37signals, while being a good group of people, seem to have found success in a way that I'm not sure is as easy to repeat as some of those companies that just crank away doing their thing and making their money without needing a hugely followed blog, books, web frameworks and the like. This makes me a bit dubious of some of what they have to say.


Fair point about 37signals, but remember they didn't start with the popular blog, books, and framework. it took years to get to that point. Everyone starts somewhere.

That said, I've noticed some of the advice (mostly about marketing) doesn't really apply when you're just starting out.


This is where we started: http://37signals.com/manifesto


Right but in many cases the companies don't really want to share their revenue numbers. It's sort of saying to people who would like to compete here is how little it cost to build, how much people have been willing to pay, and how big of a win starting this business would be.

I don't really see myself talking about revenue numbers for my company. Not sure how I benefit from it besides the ego and status boost which isn't interesting to me.


Certainly good points. A counterpoint might be patio11's bingo card thing. If there's anything where "I could build that in a weekend!", it's something like that. I'm not sure if the publicity here helped his bingo business at all, but it doesn't seem to have killed it either, and it certainly opened up other profitable avenues for him.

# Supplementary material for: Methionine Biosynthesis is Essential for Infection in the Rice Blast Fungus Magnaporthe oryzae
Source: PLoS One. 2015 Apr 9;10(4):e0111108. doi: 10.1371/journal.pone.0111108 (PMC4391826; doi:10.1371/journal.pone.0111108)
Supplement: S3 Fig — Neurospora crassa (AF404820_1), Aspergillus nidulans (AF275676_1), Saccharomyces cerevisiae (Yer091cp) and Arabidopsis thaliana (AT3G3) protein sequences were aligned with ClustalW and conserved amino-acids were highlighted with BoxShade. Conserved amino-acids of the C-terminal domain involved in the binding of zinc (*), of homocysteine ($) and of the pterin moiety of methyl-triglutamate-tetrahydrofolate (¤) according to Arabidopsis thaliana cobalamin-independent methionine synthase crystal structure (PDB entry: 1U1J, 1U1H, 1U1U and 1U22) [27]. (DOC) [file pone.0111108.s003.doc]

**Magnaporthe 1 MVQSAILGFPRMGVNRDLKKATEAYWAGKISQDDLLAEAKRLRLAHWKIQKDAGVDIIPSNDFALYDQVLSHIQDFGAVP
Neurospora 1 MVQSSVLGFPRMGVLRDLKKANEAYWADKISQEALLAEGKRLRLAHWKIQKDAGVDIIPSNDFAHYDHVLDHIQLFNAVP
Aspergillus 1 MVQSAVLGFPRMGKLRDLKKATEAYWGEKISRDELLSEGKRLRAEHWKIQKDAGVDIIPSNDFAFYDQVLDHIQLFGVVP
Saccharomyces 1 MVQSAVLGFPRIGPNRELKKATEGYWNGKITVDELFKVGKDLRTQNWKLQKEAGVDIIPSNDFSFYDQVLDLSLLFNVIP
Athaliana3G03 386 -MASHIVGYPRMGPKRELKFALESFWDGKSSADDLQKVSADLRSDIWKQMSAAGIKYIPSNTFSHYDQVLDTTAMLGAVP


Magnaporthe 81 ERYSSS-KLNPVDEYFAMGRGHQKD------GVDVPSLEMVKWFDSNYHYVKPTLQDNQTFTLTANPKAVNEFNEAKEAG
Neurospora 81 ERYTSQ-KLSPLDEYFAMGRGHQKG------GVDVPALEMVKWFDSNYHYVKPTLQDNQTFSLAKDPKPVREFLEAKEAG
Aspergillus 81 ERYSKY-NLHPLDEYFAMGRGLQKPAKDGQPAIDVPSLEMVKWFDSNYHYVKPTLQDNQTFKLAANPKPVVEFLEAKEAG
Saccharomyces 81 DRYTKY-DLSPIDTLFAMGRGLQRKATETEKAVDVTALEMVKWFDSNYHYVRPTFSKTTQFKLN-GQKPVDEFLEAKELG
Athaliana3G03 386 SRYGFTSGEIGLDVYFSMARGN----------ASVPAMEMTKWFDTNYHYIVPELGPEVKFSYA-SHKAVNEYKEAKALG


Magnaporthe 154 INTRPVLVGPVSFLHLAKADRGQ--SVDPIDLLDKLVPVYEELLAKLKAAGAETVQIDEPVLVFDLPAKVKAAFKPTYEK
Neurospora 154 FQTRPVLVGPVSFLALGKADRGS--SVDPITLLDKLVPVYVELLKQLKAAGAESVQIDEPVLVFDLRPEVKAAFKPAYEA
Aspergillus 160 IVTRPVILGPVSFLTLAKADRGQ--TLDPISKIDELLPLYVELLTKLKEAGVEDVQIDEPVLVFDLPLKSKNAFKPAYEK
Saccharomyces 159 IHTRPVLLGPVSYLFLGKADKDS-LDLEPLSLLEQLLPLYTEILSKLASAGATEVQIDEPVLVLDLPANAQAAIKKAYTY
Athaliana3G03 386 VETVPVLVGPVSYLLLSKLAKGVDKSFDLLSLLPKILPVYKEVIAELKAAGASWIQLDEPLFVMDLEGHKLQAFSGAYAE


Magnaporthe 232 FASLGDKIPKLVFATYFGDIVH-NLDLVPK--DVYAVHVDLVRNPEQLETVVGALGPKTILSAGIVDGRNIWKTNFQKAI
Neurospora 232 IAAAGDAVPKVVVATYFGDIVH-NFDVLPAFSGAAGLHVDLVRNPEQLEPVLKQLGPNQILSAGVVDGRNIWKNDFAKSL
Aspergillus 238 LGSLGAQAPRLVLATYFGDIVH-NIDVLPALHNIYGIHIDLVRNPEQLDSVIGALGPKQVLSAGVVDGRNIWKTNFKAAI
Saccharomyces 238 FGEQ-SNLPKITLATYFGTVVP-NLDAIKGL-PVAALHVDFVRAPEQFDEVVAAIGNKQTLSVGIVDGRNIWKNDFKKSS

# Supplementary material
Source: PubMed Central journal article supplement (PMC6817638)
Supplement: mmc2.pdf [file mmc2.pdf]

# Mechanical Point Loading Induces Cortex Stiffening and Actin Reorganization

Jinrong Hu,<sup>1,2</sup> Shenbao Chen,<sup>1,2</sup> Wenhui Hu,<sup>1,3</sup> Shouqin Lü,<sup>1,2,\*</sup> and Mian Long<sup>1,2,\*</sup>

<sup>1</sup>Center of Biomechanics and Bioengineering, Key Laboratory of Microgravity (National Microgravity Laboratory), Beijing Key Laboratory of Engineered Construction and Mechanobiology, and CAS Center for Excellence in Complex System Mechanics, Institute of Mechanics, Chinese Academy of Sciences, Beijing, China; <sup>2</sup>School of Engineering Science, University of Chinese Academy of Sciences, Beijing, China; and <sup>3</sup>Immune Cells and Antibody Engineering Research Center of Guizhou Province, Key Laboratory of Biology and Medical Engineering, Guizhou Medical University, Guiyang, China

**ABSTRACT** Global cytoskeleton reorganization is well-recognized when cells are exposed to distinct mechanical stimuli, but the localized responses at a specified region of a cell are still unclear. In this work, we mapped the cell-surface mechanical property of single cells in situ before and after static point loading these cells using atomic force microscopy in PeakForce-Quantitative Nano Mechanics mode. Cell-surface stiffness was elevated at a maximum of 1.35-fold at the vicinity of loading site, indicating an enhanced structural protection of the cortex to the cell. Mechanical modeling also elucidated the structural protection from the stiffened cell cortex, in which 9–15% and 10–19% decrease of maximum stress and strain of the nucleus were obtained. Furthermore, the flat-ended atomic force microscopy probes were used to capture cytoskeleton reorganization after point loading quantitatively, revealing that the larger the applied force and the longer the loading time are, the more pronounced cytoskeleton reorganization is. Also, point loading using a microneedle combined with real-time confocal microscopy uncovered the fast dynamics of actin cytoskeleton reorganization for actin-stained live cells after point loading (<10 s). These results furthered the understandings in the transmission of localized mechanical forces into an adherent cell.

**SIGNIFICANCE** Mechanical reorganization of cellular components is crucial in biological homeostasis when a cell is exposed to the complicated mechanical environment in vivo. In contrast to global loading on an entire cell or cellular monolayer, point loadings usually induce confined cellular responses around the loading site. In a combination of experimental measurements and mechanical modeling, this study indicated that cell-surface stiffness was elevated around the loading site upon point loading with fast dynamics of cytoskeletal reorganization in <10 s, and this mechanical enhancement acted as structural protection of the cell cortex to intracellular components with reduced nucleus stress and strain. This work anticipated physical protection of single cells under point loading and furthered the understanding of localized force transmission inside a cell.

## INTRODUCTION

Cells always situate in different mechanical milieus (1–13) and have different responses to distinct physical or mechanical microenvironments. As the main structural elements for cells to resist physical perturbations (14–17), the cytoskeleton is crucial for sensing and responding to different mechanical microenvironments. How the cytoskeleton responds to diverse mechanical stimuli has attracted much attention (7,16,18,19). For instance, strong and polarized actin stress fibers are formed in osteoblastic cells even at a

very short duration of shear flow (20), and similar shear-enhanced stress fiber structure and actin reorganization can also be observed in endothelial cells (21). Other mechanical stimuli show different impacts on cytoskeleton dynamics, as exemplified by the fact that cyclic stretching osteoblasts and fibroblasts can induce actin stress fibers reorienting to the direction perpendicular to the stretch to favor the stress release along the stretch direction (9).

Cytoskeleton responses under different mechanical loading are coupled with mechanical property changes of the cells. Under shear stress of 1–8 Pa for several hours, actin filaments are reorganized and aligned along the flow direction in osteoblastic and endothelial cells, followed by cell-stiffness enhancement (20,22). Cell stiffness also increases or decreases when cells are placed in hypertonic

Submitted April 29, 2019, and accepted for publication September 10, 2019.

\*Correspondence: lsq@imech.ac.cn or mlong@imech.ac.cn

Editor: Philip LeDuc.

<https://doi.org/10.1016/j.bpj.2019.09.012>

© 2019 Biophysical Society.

I think the main reason to share numbers is to encourage others starting businesses. I don't care at all when someone says they make millions. But when I see someone who started out by making $100 a month and grew from there, I can learn from what they did. Others can do it too.


Is it a lack of coverage or just strategically staying under the radar?

I think the lopsided press coverage of VC-backed vs. bootstrapped makes sense when you think about the incentives: VCs are focused on liquidity events (acquisition, IPO), so their startups might aim to be in the tech press and divulge details about revenue, growth, etc in an effort to pump up their valuations.